I must reiterate that for Andrew Root, creativity is not the problem. Creativity is a good thing, except when we get so caught up in the search for the unique self that is defined by creativity/innovation that we end up losing ourselves. That is, change is not a bad thing, but if we burn out in pursuit of change while embracing the idea that everything depends on us, then we put ourselves in a position where we can’t receive the gifts of God. That is, we cut ourselves off from the beauty that comes from God.

Although I have retired from active pastoral leadership of a congregation, I am well aware of the challenges facing the church. I’m aware of the constant push for innovation, which promises to save us from decline. While I no longer face the responsibility of leading a congregation, I found Andrew Root’s The Church after Innovation to be a liberating word that can help us understand our context where innovation is the goal. Part of that liberation is to be found in the realization that what we’ve embraced is neoliberal capitalism without even recognizing it. Ultimately, the question for the church is whether the church will die without embracing permanent innovation! Interestingly, while Applebees seeks to innovate or die, I’ve noticed that a lot of their restaurants have been closing down. So, perhaps neo-liberal capitalism isn’t the church’s savior! Thankfully, in Andrew Root’s The Church after Innovation, we have an excellent resource to help us navigate this new world without getting swallowed by it.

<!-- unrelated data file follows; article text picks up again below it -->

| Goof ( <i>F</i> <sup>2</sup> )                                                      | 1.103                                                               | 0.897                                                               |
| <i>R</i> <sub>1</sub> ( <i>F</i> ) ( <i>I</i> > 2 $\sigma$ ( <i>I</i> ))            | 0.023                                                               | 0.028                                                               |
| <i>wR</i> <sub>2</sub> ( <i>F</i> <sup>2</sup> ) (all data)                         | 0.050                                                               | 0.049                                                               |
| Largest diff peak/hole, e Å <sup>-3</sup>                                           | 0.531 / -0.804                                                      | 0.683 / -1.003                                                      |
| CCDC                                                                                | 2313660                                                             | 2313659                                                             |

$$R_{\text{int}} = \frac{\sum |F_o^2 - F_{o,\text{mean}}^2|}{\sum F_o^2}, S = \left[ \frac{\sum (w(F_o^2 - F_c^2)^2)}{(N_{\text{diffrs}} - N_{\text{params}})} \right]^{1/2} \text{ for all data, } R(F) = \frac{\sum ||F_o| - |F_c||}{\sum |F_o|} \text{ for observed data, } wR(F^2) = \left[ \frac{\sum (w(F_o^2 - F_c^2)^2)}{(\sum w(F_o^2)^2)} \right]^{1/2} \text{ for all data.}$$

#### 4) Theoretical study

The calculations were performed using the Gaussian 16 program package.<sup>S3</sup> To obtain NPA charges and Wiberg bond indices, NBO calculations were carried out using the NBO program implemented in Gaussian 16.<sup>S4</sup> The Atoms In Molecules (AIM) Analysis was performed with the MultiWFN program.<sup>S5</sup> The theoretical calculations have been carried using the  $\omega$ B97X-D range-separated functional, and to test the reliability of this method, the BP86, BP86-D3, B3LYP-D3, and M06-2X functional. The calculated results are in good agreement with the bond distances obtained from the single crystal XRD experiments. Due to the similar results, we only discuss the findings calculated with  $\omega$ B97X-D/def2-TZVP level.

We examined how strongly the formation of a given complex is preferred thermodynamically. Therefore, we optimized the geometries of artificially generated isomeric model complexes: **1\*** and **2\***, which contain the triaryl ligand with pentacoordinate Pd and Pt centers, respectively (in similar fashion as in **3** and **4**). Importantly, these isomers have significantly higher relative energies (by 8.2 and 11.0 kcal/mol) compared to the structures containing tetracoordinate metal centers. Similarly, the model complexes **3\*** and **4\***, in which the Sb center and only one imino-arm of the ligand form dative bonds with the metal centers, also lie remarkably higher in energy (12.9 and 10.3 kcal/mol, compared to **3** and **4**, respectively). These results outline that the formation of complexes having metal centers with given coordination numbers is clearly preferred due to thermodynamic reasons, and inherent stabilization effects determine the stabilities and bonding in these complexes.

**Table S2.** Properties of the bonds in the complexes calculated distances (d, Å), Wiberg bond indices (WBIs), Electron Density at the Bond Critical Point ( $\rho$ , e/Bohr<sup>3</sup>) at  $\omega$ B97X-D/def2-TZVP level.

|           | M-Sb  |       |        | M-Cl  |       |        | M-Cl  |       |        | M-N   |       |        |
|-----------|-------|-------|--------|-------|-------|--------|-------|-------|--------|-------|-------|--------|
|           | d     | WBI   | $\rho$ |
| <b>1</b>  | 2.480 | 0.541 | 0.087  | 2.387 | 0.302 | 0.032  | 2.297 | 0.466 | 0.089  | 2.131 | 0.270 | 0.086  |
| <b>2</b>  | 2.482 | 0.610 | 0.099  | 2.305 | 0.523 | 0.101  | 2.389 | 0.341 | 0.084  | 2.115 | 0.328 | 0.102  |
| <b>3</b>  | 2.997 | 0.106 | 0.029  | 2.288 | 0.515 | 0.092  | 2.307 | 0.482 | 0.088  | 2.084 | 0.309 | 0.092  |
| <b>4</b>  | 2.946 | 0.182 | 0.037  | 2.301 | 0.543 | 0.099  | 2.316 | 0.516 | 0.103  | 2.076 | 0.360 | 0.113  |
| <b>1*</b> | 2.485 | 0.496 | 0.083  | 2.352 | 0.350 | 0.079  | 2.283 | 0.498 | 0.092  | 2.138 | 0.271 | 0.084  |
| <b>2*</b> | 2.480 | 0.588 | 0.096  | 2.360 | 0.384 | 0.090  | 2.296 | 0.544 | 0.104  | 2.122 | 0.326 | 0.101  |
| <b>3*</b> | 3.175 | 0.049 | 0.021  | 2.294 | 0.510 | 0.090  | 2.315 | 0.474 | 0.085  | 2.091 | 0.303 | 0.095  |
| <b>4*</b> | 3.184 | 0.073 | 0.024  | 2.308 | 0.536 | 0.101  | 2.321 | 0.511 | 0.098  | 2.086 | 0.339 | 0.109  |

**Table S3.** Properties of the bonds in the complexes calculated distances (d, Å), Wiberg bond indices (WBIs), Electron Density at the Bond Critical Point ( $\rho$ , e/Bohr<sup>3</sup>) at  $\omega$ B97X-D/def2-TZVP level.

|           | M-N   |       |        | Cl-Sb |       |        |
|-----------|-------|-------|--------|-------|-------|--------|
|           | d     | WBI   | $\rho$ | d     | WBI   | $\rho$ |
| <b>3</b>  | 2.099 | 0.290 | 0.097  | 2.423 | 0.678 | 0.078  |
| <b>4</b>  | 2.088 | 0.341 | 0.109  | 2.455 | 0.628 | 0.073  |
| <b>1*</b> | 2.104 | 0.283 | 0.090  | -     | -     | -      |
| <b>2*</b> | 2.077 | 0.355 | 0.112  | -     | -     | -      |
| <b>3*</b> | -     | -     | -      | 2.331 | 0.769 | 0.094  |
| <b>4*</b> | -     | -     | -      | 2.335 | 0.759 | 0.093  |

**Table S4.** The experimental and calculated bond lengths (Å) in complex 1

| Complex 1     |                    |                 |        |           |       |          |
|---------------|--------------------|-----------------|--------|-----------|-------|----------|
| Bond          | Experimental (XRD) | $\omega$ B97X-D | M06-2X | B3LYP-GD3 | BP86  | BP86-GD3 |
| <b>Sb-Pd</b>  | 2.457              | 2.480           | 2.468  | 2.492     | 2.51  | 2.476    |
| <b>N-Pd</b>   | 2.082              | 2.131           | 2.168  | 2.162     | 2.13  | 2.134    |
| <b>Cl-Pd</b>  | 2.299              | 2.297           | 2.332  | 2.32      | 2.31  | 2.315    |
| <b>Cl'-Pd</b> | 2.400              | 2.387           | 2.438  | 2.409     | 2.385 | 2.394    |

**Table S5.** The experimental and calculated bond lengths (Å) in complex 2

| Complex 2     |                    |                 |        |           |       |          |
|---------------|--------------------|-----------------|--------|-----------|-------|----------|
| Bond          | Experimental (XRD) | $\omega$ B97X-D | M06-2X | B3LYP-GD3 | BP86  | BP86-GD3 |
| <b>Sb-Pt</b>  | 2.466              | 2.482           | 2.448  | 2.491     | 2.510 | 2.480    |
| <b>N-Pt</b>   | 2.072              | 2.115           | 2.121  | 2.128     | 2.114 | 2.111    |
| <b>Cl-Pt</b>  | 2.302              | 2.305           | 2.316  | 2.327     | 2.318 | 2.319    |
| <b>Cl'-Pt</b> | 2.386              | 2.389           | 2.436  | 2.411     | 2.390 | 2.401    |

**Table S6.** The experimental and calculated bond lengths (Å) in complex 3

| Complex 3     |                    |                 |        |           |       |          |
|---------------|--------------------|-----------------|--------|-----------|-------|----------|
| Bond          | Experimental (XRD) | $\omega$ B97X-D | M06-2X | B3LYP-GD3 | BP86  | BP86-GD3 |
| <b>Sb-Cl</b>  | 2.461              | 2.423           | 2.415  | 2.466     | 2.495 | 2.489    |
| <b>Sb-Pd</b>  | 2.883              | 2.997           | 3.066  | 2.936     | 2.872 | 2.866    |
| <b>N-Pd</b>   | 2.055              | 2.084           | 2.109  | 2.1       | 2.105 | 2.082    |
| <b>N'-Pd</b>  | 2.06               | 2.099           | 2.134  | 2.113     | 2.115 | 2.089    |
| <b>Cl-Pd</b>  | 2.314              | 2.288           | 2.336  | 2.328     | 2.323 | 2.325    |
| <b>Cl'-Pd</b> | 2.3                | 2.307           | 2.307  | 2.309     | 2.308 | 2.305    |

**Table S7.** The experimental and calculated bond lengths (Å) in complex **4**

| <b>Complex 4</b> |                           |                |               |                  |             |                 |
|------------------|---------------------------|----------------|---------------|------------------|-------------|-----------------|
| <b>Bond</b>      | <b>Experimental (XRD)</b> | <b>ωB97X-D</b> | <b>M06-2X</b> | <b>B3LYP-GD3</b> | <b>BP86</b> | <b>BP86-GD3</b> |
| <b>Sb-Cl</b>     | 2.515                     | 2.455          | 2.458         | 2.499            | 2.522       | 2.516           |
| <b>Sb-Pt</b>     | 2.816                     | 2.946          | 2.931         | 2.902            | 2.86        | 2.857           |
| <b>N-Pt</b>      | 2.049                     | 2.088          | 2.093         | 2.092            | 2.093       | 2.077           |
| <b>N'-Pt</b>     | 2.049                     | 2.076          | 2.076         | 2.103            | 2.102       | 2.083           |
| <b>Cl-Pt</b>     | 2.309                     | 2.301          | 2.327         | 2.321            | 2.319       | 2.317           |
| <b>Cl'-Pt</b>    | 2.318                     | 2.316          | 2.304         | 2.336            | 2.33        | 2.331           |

This review originally appeared on

Robert D. Cornwall is an ordained minister in the Christian Church (Disciples of Christ). Now retired from his ministry at Central Woodward Christian Church (Disciples of Christ) of Troy, Michigan, he serves as Minister-at-Large in Troy. He holds a Ph.D. in Historical Theology from Fuller Theological Seminary and is the author of numerous books including his latest books: Called to Bless: Finding Hope by Reclaiming Our Spiritual Roots (Cascade Books, 2021) and Unfettered Spirit: Spiritual Gifts for the New Great Awakening, 2nd Edition, (Energion Publications, 2021). His blog Ponderings on a Faith Journey can be found at